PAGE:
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Mitigation

Regulatory image of wetlandsMitigation is an important part of the U.S. Army Corps of Engineers’ permitting process. It includes avoiding, minimizing and compensating for impacts to aquatic resources.

 

If your project cannot avoid or sufficiently minimize affects to wetlands or other waters of the United States, you must compensate for the impacts. This is called compensatory mitigation and is the restoration, establishment, enhancement or preservation of aquatic resources to offset unavoidable losses due to project impacts.

 

Training guide and video

The mitigation rule

Mitigation requirements are outlined in Compensatory Mitigation for Losses of Aquatic Resources Final Rule (33 CFR Part 332), commonly referred to as the “mitigation rule.” The mitigation rule promotes consistency and predictability and improves ecological success of mitigation efforts through better site selection, use of a watershed approach for planning and project design, and use of ecological success criteria to evaluate and measure performance of mitigation projects.

Providing compensatory mitigation

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Mitigation Banks, In-Lieu Fee Programs and Permittee-Responsible Mitigation. Mitigation banks and in-lieu fee programs are generally the preferred options for mitigation because they consolidate resources and involve more financial planning and scientific expertise. These factors help reduce the risk of failure of mitigation projects. The following are acceptable mitigation options, listed in order of environmental preference as described in the mitigation rule:
A mitigation bank is one or more sites where aquatic resources such as wetlands or streams are restored, established, enhanced and/or preserved for the purpose of providing compensatory mitigation in advance of authorized impacts to similar resources. A bank sells mitigation “credits” to permittees. The obligation to provide mitigation is then transferred to the bank sponsor. The bank sponsor is then responsible for implementing the mitigation, monitoring its performance and long-term site management.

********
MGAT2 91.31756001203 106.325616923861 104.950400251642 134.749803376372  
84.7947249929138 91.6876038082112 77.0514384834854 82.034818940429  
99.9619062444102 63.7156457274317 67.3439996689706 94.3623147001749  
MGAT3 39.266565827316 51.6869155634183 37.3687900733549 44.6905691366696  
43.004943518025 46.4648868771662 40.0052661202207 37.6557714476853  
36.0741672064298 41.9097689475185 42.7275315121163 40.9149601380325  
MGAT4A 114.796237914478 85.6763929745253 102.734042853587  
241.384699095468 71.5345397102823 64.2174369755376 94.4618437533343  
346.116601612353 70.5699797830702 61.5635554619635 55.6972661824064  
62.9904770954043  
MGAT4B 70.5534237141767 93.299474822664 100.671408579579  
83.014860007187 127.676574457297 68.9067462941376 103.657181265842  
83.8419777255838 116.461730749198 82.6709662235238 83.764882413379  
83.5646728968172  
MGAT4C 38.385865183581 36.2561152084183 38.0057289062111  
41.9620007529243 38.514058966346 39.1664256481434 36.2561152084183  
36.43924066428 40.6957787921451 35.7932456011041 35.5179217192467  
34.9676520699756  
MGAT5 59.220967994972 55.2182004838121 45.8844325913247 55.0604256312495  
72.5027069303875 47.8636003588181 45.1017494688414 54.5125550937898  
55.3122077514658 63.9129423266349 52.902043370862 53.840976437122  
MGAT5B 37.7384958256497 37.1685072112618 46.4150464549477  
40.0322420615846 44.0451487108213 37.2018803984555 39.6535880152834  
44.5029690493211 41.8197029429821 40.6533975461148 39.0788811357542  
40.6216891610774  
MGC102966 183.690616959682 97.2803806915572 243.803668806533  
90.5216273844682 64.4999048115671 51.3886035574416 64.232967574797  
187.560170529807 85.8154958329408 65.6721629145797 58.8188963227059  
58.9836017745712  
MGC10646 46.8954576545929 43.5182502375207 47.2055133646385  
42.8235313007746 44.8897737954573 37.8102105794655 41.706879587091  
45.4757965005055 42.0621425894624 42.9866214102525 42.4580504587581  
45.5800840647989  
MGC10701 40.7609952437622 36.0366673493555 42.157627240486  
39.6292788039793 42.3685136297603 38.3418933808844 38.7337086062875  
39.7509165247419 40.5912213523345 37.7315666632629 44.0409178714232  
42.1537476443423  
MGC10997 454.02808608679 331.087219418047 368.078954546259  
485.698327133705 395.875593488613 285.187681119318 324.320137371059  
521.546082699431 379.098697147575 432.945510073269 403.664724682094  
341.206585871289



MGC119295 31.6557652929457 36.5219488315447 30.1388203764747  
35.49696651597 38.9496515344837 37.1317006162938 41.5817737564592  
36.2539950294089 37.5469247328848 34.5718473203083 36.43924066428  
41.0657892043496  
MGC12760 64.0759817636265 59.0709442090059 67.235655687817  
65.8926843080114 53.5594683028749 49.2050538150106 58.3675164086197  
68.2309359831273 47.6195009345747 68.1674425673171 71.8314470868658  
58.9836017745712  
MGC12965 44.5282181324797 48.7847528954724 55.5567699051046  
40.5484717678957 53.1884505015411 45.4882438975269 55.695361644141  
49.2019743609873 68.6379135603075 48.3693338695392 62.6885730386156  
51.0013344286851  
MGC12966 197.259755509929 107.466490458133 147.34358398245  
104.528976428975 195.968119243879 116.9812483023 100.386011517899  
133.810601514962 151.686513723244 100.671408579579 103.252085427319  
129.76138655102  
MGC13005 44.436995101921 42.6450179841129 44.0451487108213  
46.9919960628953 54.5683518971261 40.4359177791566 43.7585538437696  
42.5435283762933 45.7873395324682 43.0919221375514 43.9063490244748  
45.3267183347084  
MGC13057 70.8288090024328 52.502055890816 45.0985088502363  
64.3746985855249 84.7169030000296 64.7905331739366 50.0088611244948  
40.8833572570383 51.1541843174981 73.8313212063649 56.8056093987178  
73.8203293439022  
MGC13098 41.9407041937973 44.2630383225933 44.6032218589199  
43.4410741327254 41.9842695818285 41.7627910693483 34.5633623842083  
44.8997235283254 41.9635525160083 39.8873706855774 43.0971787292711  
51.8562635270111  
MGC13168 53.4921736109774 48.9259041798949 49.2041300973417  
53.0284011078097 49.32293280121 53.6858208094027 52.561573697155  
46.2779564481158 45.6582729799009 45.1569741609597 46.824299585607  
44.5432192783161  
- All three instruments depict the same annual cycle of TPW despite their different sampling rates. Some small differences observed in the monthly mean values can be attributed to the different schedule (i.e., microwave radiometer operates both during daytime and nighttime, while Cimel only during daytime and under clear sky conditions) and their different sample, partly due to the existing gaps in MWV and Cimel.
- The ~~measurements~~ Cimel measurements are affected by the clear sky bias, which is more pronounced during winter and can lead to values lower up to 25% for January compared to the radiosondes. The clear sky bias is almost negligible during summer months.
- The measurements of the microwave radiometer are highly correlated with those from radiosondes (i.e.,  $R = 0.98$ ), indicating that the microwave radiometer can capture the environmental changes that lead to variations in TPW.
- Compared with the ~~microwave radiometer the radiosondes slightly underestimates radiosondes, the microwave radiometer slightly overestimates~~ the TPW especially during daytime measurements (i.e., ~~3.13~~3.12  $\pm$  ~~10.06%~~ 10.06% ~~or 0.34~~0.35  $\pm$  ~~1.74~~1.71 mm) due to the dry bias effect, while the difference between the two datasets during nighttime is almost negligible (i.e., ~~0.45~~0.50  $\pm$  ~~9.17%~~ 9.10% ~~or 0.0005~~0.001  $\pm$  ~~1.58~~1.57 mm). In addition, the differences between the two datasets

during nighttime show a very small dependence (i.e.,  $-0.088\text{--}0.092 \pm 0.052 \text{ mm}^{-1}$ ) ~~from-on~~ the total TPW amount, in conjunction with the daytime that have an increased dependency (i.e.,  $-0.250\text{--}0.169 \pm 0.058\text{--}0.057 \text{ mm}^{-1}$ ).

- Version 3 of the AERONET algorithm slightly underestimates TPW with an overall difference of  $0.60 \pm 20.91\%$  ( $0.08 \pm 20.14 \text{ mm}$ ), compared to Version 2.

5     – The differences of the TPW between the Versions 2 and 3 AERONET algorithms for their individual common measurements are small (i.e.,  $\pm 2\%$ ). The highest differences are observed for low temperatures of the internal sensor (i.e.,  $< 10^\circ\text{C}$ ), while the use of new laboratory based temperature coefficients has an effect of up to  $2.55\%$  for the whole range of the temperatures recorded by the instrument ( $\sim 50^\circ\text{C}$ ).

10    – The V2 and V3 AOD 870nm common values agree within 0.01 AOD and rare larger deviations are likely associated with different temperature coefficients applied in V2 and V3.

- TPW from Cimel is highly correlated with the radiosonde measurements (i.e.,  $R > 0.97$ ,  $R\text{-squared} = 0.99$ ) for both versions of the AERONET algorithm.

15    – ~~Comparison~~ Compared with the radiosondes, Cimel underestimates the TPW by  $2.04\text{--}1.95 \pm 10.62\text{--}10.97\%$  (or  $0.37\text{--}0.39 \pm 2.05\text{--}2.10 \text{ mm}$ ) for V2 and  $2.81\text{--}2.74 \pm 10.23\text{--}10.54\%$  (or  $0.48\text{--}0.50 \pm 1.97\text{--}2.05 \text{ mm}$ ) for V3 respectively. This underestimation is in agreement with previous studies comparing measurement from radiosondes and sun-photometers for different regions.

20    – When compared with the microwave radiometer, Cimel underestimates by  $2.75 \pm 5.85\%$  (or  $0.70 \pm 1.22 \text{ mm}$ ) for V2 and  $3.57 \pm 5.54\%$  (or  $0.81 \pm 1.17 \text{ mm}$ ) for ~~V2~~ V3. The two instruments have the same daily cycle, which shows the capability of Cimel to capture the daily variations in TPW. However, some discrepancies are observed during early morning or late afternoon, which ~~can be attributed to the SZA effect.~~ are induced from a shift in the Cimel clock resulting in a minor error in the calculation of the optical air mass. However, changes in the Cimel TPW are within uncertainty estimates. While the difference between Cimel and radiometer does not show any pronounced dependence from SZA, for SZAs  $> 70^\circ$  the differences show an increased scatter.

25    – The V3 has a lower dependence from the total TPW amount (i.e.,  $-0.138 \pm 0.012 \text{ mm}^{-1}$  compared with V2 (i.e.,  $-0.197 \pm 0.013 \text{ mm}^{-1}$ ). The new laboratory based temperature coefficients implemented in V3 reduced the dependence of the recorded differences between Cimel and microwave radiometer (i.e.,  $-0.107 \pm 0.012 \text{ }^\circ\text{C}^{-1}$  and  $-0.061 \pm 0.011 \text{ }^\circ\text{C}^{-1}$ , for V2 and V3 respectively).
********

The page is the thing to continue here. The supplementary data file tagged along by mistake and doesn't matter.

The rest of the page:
An in-lieu fee program involves the restoration, establishment, enhancement and/or preservation of aquatic resources through funds typically paid to state governments, local governments, or non-profit natural resources management organizations. As with banks, credits are sold to permittees by the in-lieu fee sponsor. The in-lieu fee sponsor is then responsible for implementing the mitigation, monitoring its performance and managing the site long-term.
Individual mitigation projects constructed by permittees can also compensate for environmental impacts authorized by the Corps. This option makes the permittee responsible for implementing the mitigation, monitoring its performance and long-term site management. Mitigation projects may occur on the same site as the permitted project or at an offsite location usually within the same watershed. In some cases, permittee-responsible mitigation is the only option. This is typical when proposed impacts are not located within the service area of an approved mitigation bank or in-lieu fee program, or if these mitigation options would not provide appropriate mitigation for the proposed impacts.

What to include in a mitigation plan

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If you’re using a bank or in-lieu fee program you do not need to provide all of the components listed below. However, you should include a description of the baseline conditions at the impact site, the number and type of resource credits to be secured and how these were determined. If compensatory mitigation is required, you must submit a mitigation plan. There are 13 required components in every mitigation plan.
1) Preparation and approval (This component is guidance specific and is not included as an actual component of a compensatory wetland mitigation plan.)
2) Objectives
3) Site selection
4) Site protection instrument
5) Baseline information
6) Determination of credits
7) Mitigation work plan
8) Maintenance plan
9) Performance standards
10) Monitoring requirements
11) Long-term management plan
12) Adaptive management plan
13) Financial assurances
14) Other relevant information
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Although not required, assistance from a qualified environmental consultant may be beneficial in developing a comprehensive and acceptable mitigation plan. All mitigation plans require Corps approval.